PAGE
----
Call for Papers
Internment Camps: The (Enforced) Placement and “Custody” of Refugees in the Past and the Present
Annual Conference of the Austrian Association for Exile Research (öge) in cooperation with the Department for Contemporary History (University of Vienna) and the research network “Migration, Citizenship and Belonging” (Faculty of Social Sciences, University of Vienna)
3-4 December 2020, Vienna
The placement and detention, often through force, of refugees and asylum-seeking individuals in camps is not a practice that has only recently been used by states to regulate and control the movement of humans across borders. During World War I, for example, tens of thousands of civilians were kept in internment camps as so-called “enemy aliens”. Before and during World War II, Jewish refugees and other individuals persecuted by the National Socialist regime were also targeted by such measures. A wide network of camps for displaced persons emerged in 1945, after the liberation. Displaced persons included, amongst others, Jewish survivors of the Shoah. Furthermore, in other cases of flight and exile in the postwar period, camps of various types proved to be a crucial instrument for the limitation and control of the movements of refugees.
The internment of refugees and asylum seekers continues today, yet the concrete circumstances are continuously changing: Both inside and outside Europe, various types and concepts of camps, guaranteeing the internment of refugees, are currently being discussed, trialed, and realized on a massive scale. The recent practices of immobilization and “encampment” (Michel Agier) of refugees reflect a general development within the areas of asylum and migration: States and governments are treating the individuals looking for protection and asylum primarily as a potential source of danger, a notion which corresponds with repressive policies, with detention pending deportation and forced deportation itself having become very commonly applied measures employed by migration and asylum regimes worldwide today. These measures often contradict fundamental human rights and are at odds with the agendas of NGOs aiming to support and help refugees.
In its annual conference in 2020, the Austrian Association for Exile Research aims to facilitate an extensive engagement with the past and present of the organized, state-led, and forced placement of refugees. The emphasis will be on a comparative perspective – synchronic as well as diachronic. One aim of the conference is to make visible parallels and differences between the practices and types of internment in the past and the present in different countries – while considering the specific historical contexts. Another focus will lie on the nexus of relationships and agencies which constitute the camps in question as transitory spaces.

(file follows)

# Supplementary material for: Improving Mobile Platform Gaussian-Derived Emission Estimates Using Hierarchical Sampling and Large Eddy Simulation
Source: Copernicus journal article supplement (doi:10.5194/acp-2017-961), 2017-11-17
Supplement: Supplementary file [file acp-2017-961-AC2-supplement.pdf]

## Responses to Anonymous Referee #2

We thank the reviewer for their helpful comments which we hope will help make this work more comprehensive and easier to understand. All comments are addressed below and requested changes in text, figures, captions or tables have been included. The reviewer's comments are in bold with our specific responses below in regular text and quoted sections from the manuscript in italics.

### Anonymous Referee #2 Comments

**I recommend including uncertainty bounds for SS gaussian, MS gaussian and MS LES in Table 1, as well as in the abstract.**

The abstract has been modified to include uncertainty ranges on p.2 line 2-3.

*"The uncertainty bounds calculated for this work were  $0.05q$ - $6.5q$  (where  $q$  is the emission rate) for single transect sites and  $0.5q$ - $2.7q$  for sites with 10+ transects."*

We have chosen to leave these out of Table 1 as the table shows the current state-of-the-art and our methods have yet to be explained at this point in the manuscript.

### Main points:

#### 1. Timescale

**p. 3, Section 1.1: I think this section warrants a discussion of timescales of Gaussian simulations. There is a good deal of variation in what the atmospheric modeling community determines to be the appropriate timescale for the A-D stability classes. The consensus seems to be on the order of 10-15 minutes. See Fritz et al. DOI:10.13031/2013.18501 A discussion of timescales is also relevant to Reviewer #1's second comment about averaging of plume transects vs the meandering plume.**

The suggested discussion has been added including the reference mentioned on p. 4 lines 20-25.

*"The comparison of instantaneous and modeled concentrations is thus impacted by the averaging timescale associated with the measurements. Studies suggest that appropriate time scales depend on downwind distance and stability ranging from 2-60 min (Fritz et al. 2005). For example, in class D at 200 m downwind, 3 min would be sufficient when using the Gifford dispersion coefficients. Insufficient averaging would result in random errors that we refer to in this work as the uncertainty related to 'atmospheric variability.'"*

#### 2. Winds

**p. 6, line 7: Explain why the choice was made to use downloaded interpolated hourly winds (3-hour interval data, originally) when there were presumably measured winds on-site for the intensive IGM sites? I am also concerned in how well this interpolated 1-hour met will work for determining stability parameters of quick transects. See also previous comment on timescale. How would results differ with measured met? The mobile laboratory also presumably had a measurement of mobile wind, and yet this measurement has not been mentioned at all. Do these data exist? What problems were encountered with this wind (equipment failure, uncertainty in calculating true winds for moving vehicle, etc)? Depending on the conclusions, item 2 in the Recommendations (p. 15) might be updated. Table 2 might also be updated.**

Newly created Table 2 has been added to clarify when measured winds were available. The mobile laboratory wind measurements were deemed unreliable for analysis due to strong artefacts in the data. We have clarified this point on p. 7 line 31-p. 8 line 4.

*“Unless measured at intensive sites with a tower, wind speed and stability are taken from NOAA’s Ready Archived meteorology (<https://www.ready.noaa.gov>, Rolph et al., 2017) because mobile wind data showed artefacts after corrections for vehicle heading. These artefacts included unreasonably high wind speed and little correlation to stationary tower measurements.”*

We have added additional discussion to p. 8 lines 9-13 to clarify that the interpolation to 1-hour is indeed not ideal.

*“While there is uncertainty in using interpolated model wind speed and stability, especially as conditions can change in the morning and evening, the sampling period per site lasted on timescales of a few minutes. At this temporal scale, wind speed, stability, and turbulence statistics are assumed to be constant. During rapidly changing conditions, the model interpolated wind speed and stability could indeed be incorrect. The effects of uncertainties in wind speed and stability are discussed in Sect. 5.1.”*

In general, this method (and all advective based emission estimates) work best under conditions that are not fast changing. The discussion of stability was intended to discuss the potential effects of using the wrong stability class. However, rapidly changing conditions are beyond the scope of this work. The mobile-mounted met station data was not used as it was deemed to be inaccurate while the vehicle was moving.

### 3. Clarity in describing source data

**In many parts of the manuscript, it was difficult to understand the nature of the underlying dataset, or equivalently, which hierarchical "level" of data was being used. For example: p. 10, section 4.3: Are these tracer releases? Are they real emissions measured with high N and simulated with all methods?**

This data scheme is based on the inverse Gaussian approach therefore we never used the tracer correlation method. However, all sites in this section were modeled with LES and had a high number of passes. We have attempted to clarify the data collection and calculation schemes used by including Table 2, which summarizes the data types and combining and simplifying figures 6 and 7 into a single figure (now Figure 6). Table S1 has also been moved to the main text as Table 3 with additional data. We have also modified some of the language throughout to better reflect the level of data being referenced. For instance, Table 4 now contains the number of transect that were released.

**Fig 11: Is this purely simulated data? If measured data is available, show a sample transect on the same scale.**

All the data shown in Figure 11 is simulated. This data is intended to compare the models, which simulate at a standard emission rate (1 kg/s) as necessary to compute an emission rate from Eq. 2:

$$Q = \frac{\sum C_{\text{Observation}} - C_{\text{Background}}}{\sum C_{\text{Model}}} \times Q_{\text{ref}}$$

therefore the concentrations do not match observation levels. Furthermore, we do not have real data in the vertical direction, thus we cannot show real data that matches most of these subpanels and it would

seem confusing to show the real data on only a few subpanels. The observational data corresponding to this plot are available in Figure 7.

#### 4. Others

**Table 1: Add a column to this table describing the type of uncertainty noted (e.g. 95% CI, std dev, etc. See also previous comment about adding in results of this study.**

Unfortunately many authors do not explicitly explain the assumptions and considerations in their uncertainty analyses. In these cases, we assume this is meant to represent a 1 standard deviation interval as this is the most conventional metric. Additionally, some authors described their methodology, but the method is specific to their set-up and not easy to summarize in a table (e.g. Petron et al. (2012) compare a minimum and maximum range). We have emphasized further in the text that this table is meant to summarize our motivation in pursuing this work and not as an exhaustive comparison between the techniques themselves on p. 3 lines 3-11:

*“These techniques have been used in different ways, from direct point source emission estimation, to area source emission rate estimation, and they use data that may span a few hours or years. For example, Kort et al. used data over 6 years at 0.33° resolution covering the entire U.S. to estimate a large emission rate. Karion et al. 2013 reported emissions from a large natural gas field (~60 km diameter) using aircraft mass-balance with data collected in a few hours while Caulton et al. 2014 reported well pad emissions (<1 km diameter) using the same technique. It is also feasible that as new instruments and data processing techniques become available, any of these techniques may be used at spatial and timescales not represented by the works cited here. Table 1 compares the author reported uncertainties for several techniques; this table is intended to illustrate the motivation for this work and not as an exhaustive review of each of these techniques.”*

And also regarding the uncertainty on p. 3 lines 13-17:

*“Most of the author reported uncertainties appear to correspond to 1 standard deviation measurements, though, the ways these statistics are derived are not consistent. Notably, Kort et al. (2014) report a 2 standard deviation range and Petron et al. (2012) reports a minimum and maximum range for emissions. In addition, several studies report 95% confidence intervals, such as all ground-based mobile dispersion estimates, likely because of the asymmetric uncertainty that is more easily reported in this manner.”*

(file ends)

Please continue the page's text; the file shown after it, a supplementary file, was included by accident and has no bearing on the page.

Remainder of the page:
The call for papers is addressed to academics of various disciplines, to members of civil society, as well as to people working within an artistic or cultural domain who deal with the topics of camps and forced placement of refugees in their work. The contributions should engage with one of the following periods or should relate to some of the following periods: Period of National Socialism and World War II (1933–1945); camps for displaced persons after 1945; developments starting in the 1960s; and particularly developments in the present. Engagements with extra-European and global contexts are especially welcome. The National Socialist camp system (concentration camps, extermination camps, and forced labor camps) is explicitly not a topic of this congress.
The call for papers is geographically and disciplinary open. The contributions can consist of analyses of local phenomena or case studies as well as comparative engagements from an international or historical perspective. Accepted languages for the presentations are English and German.
Possible contexts and topics include the following:
- The situation in different countries and the reality in specific internment camps; case studies: history of the development of the site; condition, state, and structure of the camp; composition of the camp community; etc.
- Living situations and conditions in camps: forms of (self-)organization, solidarity, resilience, and resistance; gender-specific experiences and dynamics; memories and biographical reports; etc.
- Relationships to the outside world (extent of isolation and control; linkages; etc.); the role of supporters and NGOs; etc.
- Political and institutional conditions; actions of states and officials; repression, violence, discrimination, and their consequences for the targeted individuals.
- Camps as “business models” (private and public actors).
- Reactions of local populations: solidarity, rejection, benefit etc.
- Biographies of camps: transformation/use in different contexts.
- Boundaries (whether distinct or fluid) between organized reception, humanitarian aid, and forced internment.
- The typology of camps; differentiation from forms of forced internment practiced by the National Socialist regime, fascism, and Stalinism.
- Camps as transitory spaces: aspects of time, space, and identity.
- Life after the camp (repatriation, “integration”); associations of formerly interned individuals; etc.
- The role of media and public discourse.
- Collective memory and remembrance initiatives, memorials.
- The (non-)recognition of internment camps in compensation processes after 1945.
29 February 2020: submission of presentation proposals (200-300 words) and a short biography of the contributor(s) can be sent to firstname.lastname@example.org
31 March 2020: selection of presentations
31 October 2020: submission of written presentations
Gabriele Anderl (öge), Linda Erker (Department for Contemporary History), Kerstin von Lingen (Department for Contemporary History), Christoph Reinprecht (öge/Department for Sociology), Nora Walch (öge)